Afrobeat was futuristic before Afro-futurism came into being. It was transformative before transformative politics became part of regular discourse. Fela was the change he desired, and the women of Shrine – the Queens, Yeni, Sola and others – were always Afro-fabulous. They were just waiting for the rest of us to catch up.

Now, I have to admit that I was never a Shrine regular, but I could say I’ve accidentally developed into an Afrobeat storyteller, and I’ll tell you why. I started writing in 1997, before Fela died, after which his music became more available. At the time, I was living in Mississippi, where I’m still based most of the year, and as I was going through a process of deconstructing my biography, decolonising my mind and defining my audience and orientation, I was listening to Fela’s music. His Afrobeat, apart from informing my process, guided my principles and ideas. It even influenced my views on feminism. I’m not a “Lady” feminist. I don’t want to be equal to “Master”, who is elitist, greedy and selfish. His standards are beneath mine. I would rather do the fire dance, as Fela called it, with like-minded women, and men, so equality can spread.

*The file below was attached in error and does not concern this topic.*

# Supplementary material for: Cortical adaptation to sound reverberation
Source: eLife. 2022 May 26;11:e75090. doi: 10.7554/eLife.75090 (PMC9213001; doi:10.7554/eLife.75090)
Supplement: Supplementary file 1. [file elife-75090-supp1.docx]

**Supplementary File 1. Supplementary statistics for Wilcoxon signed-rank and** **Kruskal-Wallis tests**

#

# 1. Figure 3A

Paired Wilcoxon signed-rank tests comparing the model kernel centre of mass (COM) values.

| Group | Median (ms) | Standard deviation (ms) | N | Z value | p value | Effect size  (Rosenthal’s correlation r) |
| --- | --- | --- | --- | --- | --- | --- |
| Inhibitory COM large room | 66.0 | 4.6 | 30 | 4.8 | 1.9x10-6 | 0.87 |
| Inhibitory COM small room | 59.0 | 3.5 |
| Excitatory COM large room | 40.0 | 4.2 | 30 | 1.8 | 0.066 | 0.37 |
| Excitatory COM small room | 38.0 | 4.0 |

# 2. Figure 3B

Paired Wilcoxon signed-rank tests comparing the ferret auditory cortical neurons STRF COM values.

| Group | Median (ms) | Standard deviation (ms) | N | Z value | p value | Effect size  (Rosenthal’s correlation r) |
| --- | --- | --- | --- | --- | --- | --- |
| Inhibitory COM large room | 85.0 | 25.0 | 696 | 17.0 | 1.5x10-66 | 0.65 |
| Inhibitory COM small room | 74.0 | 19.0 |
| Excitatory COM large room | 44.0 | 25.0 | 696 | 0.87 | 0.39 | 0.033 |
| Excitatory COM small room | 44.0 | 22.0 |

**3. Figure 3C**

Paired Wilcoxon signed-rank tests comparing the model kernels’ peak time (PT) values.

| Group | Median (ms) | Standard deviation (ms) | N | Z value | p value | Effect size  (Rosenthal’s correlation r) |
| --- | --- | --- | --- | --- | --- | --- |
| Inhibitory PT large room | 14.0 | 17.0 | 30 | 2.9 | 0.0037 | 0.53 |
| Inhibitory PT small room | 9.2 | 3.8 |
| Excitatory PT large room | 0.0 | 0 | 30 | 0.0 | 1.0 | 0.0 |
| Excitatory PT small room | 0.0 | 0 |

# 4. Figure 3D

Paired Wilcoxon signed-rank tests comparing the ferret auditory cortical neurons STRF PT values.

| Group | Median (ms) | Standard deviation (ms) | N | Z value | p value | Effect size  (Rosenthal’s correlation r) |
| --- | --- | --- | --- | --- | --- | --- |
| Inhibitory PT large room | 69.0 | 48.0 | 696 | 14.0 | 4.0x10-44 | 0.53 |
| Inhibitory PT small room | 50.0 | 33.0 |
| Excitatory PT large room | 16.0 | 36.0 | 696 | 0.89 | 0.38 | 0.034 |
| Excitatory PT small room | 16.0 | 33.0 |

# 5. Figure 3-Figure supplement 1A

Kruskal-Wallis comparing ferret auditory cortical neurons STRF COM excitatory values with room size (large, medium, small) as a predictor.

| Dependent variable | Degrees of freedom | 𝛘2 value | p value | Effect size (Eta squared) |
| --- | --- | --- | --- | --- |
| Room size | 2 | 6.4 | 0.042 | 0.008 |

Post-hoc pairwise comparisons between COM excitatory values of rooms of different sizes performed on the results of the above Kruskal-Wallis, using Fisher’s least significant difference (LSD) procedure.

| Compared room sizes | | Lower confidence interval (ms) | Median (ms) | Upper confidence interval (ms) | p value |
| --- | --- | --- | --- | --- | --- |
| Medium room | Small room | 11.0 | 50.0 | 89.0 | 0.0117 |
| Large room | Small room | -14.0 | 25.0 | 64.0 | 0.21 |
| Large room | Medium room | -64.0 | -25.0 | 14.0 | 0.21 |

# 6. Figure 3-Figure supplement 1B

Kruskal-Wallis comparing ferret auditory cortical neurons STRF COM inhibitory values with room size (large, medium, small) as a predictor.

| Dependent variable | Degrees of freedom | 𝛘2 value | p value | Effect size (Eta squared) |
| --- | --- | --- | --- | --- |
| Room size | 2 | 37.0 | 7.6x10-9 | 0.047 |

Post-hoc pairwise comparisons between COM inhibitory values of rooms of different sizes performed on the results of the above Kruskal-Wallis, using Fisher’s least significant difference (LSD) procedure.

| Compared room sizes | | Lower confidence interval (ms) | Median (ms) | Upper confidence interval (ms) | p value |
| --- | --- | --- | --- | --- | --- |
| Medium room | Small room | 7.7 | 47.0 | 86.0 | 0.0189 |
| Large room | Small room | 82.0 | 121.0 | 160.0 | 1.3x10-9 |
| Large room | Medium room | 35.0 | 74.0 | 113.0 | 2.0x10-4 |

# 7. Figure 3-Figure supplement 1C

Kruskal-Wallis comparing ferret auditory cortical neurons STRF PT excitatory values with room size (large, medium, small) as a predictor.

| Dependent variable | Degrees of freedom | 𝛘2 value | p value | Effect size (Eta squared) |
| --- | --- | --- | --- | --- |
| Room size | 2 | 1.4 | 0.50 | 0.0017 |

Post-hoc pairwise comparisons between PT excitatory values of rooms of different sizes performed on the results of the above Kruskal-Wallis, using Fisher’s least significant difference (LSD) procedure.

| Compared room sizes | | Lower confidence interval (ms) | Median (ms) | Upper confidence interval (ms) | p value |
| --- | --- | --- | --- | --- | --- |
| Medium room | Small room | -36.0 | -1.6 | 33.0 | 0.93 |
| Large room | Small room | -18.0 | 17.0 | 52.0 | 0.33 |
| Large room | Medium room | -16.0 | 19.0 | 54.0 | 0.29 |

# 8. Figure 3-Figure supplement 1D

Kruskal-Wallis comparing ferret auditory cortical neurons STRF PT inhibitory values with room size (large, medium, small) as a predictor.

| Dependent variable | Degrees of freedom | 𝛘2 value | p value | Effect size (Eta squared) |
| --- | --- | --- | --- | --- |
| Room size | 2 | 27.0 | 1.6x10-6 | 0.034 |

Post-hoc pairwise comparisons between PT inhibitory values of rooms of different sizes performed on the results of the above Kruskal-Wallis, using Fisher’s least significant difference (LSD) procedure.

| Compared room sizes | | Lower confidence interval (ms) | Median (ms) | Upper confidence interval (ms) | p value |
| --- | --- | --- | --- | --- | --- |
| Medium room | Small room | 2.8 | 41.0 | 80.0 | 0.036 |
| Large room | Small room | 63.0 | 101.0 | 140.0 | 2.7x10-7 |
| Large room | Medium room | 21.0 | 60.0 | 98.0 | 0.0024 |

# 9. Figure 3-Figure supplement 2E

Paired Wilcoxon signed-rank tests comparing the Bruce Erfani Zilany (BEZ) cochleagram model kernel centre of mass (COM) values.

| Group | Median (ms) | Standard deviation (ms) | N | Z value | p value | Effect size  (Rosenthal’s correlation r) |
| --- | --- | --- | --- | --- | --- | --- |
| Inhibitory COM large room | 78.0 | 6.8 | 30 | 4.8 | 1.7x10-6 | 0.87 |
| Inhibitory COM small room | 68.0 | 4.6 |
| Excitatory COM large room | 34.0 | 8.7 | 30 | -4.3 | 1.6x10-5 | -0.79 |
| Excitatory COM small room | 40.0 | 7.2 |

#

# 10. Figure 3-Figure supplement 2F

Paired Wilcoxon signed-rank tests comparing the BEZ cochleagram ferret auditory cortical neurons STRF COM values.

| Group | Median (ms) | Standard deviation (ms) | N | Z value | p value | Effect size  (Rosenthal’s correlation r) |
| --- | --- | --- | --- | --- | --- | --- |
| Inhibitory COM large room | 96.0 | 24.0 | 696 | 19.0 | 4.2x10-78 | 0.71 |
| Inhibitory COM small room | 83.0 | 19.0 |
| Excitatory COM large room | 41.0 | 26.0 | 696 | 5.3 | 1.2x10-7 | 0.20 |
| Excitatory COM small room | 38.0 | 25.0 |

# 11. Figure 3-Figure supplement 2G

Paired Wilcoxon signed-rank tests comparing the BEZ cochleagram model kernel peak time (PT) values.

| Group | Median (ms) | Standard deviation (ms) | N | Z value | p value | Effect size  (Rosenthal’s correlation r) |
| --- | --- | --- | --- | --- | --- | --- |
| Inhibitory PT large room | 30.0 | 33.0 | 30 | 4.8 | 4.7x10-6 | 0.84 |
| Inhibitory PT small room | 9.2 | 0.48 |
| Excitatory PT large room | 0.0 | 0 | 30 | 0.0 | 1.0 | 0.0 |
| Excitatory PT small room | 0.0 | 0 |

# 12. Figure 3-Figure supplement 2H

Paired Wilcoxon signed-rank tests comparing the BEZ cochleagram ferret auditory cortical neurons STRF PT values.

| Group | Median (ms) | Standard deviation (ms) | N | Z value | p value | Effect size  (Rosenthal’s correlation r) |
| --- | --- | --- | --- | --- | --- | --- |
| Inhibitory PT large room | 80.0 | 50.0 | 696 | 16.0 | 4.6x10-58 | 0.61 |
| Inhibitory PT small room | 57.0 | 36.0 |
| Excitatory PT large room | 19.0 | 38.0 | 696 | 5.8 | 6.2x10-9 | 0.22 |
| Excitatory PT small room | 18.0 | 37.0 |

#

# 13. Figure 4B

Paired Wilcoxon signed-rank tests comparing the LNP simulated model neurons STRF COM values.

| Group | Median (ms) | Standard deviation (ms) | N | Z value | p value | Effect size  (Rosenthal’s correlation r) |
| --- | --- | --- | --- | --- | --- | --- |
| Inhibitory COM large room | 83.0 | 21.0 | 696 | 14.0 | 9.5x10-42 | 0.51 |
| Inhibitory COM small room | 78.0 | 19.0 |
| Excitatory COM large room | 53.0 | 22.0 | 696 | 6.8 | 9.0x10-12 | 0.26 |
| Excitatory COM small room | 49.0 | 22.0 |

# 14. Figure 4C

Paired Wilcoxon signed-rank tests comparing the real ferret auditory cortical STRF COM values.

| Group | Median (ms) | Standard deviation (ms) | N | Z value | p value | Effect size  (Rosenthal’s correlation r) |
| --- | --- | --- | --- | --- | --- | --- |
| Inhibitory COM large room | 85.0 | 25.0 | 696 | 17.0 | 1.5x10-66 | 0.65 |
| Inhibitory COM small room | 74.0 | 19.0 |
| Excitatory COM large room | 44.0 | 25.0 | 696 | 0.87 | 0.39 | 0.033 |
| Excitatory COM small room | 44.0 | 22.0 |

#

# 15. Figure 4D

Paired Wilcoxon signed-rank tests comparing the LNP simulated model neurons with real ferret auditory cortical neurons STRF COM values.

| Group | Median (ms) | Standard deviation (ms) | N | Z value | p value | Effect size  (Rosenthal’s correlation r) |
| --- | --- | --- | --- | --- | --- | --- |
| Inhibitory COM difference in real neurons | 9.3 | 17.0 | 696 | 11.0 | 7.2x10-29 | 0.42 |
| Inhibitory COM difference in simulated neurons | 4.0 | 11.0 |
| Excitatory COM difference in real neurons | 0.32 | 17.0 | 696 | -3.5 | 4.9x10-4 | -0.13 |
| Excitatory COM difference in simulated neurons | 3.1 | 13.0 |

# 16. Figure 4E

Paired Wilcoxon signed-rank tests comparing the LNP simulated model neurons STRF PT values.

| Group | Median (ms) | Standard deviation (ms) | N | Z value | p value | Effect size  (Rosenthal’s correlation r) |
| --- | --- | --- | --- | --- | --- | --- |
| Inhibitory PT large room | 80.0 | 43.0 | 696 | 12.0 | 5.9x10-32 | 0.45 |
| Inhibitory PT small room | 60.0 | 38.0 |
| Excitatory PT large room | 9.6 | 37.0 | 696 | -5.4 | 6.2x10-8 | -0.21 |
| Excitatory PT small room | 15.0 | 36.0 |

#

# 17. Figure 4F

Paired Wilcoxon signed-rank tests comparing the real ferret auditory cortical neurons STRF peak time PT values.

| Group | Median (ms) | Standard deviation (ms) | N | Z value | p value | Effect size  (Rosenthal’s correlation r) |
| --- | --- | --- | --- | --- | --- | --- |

There’s a lot to learn from listening to Fela’s music. I’m therefore not surprised that so many artists claim he influenced them. Some are sincere, others less so. A few are not quite as well-informed as they should be about him, and of course there are those who exploit his legacy. You will find all these artists in the performing arts, as well as the visual and literary arts. What we have in common is this: it is very easy to say Fela influenced you, but it is damn near impossible to walk in his shoes.

This is an artist who remained highly productive in the face of relentless persecution. An artist who said his music was secondary, that his message was more important, and that, in fact, he used music to spread his message. When I heard him say that, I thought, How can that be? You’re a musical genius. You clearly love to compose. But this is also an artist who refused to play his past hits at concerts. Tell me, which musician today can get away with that?

The Kutis have long tried to dispel the notion that Afrobeat is the same as Afrobeats, the latter being the music that contemporary Nigerian artists make. Since the two are separated by a mere letter, we should not forget to keep adding the S. Because some of us can tell the difference between genuine and affected consciousness; between grassroots activists and social media warriors; between music that was rehearsed with a band for months and beats that were created on a computer in an hour.

Fela’s music was meant to engage the masses and stimulate their thinking, not to dull their minds or lull them into a state of escapism. That was why he had a cult following, and not a mainstream one.